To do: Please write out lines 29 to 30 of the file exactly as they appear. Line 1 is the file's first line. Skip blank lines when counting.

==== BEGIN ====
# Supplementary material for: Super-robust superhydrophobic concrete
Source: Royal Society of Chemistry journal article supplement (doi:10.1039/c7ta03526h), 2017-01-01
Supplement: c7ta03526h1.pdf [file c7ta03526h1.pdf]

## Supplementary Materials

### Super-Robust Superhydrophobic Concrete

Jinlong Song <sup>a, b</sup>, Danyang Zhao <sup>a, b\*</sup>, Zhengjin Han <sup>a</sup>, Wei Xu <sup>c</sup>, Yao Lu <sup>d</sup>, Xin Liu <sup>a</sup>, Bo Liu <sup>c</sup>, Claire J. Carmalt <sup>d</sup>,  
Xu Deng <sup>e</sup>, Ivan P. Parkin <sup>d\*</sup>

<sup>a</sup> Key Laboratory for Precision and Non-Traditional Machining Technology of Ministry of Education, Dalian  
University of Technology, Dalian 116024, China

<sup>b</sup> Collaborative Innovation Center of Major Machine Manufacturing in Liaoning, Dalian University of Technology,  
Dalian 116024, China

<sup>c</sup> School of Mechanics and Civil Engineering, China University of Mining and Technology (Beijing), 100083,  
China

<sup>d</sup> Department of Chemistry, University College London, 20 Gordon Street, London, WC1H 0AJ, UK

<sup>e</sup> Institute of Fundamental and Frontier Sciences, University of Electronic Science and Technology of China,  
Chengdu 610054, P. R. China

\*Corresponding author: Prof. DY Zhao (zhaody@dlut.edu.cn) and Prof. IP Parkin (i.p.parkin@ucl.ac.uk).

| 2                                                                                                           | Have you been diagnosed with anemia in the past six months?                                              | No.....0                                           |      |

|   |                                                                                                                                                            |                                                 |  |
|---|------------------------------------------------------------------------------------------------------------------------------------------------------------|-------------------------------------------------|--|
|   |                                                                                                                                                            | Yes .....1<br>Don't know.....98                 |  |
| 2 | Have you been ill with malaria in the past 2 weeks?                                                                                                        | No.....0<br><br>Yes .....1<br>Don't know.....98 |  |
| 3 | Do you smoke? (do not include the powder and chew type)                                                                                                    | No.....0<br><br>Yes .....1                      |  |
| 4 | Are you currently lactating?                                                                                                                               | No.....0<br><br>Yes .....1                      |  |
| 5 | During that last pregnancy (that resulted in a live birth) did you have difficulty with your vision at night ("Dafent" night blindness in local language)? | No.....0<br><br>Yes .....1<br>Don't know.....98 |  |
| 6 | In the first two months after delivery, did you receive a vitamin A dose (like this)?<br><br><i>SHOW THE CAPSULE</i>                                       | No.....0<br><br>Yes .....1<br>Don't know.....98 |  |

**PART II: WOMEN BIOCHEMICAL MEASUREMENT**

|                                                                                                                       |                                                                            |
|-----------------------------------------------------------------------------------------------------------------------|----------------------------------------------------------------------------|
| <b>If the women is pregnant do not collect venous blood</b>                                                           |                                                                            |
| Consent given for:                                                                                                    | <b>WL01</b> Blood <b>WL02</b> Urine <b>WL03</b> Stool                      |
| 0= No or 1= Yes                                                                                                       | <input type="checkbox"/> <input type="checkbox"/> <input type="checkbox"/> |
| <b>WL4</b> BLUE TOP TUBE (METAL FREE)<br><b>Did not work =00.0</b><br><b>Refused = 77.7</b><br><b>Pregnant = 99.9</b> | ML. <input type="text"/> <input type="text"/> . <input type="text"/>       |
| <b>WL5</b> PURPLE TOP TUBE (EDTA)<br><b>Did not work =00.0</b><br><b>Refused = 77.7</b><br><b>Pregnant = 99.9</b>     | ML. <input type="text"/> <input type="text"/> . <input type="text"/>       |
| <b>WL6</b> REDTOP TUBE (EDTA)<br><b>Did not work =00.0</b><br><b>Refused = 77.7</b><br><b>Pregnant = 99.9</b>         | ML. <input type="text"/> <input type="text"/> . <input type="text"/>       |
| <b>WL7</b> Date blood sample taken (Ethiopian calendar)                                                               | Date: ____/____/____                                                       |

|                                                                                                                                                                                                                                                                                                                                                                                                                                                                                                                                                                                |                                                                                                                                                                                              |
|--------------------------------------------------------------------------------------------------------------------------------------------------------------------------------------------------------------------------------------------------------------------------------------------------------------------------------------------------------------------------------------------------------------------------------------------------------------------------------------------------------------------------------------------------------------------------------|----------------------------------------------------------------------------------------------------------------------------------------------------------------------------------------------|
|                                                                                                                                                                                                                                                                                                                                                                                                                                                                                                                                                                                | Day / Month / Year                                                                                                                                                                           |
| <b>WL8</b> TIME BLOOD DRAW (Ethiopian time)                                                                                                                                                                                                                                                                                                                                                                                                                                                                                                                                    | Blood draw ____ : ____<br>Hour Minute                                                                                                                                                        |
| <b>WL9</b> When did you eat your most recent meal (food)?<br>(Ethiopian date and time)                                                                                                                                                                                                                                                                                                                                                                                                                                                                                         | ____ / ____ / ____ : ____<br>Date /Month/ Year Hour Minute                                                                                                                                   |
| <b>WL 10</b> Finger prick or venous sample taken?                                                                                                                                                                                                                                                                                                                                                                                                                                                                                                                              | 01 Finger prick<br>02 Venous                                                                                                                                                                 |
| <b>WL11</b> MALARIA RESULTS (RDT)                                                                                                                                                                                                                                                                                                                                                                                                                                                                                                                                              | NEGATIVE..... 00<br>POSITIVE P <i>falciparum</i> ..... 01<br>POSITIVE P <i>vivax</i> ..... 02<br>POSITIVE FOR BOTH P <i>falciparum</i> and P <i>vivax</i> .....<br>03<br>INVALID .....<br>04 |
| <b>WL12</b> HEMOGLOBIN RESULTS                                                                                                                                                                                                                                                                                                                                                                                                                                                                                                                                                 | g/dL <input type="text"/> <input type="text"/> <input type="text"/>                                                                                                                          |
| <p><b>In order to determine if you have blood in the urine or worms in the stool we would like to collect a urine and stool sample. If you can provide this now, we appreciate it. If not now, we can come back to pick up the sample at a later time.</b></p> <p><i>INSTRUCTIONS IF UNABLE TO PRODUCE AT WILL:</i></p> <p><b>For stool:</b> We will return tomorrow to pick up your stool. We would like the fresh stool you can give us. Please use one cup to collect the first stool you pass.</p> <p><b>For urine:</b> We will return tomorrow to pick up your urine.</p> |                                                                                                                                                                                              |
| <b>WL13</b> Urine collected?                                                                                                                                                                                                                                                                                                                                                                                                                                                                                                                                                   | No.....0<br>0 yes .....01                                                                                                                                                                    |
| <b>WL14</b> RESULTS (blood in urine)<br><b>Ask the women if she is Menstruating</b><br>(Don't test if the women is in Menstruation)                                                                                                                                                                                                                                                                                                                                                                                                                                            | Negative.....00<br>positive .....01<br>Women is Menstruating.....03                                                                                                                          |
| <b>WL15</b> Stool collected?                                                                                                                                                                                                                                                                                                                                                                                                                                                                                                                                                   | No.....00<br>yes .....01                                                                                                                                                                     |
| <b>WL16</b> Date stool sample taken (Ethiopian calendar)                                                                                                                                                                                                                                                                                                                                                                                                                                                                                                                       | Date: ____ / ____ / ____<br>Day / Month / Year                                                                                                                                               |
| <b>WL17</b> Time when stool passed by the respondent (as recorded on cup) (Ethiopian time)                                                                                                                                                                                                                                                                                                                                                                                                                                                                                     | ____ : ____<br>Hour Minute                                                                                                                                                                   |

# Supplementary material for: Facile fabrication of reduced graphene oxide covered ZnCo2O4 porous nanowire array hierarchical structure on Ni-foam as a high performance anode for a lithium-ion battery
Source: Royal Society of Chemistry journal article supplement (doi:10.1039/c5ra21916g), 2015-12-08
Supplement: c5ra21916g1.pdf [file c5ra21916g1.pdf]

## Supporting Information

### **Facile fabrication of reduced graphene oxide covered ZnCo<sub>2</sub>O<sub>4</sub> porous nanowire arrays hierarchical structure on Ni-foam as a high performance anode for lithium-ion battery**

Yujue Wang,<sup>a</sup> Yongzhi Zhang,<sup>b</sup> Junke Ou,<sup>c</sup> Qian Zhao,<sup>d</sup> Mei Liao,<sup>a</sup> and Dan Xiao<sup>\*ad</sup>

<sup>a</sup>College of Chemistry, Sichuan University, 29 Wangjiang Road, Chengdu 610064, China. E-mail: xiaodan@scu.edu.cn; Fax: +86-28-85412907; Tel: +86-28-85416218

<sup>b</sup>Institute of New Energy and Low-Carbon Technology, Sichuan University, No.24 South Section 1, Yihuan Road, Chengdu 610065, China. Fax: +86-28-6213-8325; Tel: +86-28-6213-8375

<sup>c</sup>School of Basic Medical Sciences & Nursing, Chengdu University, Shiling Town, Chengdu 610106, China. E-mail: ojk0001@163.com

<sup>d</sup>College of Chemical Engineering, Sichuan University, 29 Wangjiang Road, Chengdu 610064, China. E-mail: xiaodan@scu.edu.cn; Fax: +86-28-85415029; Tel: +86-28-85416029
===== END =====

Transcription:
|-----------------------------------------------------------------------------------------------------------------------|----------------------------------------------------------------------------|
| <b>If the women is pregnant do not collect venous blood</b>                                                           |                                                                            |